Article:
You often hear debates among photographers about which technology is better: film or digital. These arguments often get quite heated, with each side trying to prove how the resolving power of thrie medium out does the other, or how their workflow is more efficient. *Yawn.* While they are intellectually interesting, in a geeky sort of way, the artist in me finds comparisons of the technical merits of film vs digital to be rather pointless. The remind me of the rambling philosophy arguments we used to have in college when we thought we were being clever. (Arguments which usually ended with one side shouting the denouement “..but isn’t everything relative?” to general mutters of affirmation.)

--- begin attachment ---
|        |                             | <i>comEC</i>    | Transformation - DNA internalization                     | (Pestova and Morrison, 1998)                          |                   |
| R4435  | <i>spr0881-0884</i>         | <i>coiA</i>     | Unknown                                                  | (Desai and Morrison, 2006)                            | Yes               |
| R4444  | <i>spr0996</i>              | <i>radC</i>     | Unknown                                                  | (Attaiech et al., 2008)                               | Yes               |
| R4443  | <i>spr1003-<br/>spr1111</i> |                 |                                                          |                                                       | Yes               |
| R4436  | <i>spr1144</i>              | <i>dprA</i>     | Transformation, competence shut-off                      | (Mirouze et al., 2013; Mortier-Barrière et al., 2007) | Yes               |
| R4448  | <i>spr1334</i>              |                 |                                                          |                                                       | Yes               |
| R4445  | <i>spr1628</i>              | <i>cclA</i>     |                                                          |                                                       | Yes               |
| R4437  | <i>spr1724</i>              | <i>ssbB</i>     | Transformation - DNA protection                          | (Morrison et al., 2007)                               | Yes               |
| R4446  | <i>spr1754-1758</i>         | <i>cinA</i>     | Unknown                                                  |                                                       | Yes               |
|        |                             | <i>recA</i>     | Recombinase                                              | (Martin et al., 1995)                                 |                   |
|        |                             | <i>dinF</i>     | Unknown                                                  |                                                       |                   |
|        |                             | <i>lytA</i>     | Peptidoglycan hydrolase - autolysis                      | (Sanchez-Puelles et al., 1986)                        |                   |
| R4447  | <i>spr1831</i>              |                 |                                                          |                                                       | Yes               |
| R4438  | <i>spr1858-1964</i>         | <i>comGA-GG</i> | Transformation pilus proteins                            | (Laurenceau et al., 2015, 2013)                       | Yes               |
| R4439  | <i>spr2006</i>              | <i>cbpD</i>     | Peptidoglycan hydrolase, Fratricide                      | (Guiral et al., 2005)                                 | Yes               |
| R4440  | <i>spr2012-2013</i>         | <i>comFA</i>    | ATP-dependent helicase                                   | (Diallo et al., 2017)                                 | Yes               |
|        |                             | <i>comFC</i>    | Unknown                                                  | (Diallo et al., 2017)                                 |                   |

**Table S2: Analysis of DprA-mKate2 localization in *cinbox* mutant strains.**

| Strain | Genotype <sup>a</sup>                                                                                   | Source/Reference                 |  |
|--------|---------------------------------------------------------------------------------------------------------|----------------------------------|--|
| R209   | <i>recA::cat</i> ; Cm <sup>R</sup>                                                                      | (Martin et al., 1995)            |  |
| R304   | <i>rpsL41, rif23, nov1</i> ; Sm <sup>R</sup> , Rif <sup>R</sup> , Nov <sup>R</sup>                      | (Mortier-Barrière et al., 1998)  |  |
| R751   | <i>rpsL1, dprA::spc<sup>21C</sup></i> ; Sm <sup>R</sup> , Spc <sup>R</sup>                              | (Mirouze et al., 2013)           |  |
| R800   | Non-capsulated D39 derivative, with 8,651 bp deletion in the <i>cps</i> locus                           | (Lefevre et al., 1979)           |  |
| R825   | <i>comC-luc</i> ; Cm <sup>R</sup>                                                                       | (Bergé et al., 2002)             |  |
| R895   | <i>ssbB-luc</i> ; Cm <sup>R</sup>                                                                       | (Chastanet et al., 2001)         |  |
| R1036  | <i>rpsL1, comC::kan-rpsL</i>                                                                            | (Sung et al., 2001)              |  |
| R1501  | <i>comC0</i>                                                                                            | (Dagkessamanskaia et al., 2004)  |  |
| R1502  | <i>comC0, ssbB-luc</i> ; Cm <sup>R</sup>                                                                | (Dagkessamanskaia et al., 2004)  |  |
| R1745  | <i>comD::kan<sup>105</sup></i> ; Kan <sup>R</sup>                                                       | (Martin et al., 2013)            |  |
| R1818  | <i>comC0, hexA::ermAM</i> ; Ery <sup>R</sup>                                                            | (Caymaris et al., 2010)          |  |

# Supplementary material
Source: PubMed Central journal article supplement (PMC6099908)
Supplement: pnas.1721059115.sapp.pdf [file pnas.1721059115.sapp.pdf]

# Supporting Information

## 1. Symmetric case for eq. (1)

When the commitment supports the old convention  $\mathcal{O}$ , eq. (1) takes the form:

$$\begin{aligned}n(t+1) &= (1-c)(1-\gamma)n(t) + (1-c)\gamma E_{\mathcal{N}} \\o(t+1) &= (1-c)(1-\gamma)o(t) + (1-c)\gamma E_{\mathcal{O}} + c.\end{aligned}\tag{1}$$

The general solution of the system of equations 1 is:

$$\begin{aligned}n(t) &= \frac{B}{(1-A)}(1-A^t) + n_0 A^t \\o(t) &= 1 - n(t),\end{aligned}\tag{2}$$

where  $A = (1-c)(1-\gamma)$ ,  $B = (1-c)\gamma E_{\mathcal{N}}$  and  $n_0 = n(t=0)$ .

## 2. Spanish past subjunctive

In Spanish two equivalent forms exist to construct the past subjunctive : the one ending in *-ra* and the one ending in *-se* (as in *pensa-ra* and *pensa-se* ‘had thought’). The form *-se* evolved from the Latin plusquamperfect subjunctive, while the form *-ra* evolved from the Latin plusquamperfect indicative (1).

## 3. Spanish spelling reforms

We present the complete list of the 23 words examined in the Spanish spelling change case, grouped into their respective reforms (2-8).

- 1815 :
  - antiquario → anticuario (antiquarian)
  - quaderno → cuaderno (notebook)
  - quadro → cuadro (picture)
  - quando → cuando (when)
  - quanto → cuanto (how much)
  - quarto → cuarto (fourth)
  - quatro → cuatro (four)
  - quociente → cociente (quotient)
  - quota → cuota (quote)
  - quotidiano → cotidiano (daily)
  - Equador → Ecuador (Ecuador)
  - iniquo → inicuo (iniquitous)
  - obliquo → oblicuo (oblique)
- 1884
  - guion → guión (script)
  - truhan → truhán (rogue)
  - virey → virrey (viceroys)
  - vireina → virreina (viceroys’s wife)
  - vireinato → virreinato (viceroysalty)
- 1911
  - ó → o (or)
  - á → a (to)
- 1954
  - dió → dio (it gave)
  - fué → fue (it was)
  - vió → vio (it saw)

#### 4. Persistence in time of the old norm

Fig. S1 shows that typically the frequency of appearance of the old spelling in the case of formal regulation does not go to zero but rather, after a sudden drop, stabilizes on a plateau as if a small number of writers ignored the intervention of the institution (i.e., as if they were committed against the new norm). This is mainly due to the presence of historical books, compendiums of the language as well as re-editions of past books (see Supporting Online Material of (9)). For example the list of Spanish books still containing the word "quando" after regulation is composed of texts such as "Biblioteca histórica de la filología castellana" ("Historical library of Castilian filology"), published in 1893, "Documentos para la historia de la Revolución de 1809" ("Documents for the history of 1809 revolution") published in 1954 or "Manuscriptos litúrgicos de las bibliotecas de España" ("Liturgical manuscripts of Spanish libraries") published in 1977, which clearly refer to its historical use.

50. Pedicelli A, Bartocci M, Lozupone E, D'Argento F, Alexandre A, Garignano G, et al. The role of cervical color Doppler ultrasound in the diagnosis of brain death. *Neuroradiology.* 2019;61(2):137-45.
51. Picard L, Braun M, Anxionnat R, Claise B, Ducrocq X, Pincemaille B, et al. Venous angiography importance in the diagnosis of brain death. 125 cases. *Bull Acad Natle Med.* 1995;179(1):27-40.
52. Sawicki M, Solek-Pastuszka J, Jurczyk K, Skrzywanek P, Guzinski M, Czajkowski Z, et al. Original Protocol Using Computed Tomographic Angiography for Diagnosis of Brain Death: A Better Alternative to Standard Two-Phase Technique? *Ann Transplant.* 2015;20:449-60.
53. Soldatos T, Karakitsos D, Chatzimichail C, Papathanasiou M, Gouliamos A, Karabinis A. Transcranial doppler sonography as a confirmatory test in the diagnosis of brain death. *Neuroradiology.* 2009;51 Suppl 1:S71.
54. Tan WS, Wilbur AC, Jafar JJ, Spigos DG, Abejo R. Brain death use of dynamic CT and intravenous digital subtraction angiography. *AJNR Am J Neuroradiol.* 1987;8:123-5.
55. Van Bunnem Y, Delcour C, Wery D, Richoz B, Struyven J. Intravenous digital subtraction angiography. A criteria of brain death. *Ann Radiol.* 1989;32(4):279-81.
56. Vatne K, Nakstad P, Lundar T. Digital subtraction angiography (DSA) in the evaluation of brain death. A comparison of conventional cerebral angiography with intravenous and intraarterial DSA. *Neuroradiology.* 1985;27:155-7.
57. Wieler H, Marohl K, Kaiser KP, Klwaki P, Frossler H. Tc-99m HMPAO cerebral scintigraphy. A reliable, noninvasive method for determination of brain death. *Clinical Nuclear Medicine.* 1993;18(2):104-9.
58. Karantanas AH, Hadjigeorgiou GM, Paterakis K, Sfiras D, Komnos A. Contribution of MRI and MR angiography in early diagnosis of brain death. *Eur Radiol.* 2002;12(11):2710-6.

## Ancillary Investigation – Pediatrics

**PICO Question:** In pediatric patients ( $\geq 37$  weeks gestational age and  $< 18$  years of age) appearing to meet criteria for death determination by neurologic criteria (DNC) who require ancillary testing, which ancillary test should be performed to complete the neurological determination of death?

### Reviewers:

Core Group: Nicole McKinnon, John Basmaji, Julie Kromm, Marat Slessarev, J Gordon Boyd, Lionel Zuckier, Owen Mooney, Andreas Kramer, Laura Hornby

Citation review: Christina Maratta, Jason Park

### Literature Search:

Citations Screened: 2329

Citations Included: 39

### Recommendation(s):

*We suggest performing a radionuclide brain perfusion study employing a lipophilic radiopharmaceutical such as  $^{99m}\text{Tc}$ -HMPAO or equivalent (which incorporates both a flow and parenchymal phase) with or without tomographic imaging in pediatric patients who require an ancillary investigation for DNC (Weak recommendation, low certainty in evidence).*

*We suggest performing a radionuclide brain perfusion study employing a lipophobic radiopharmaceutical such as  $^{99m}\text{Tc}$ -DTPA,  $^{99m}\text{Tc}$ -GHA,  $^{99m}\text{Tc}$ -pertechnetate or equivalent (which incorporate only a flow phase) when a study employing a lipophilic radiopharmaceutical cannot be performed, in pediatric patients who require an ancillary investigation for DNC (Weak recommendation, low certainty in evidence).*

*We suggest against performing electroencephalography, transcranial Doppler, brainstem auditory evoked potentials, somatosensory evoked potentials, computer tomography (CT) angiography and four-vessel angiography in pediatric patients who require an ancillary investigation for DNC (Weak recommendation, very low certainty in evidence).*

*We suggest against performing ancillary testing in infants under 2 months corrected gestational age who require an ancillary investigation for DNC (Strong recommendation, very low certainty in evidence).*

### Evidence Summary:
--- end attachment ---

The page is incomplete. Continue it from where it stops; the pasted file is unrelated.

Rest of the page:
Hairs are being split, and split again, in the attempt to prove something which is irrelevant to the art of photography. To me, the most important aspect of a tool is its ability to enable you to create your art. Whether you shoot fine art, weddings, or sports, the most important aspect of a camera (and its technology) is its transparency to your vision. Some find that in film and manual camera. For me, I have been making art on a computer since the 70s, so using a digital camera and darkroom feels as natural as breathing. The goal for every photographer is to find your tool, the one that snaps over your eye like a pair of glasses and lets you see things as you always thought they should be. If that’s an overpriced mega-digital camera, great. If that’s a pinhole camera made out of an old cardboard box, great.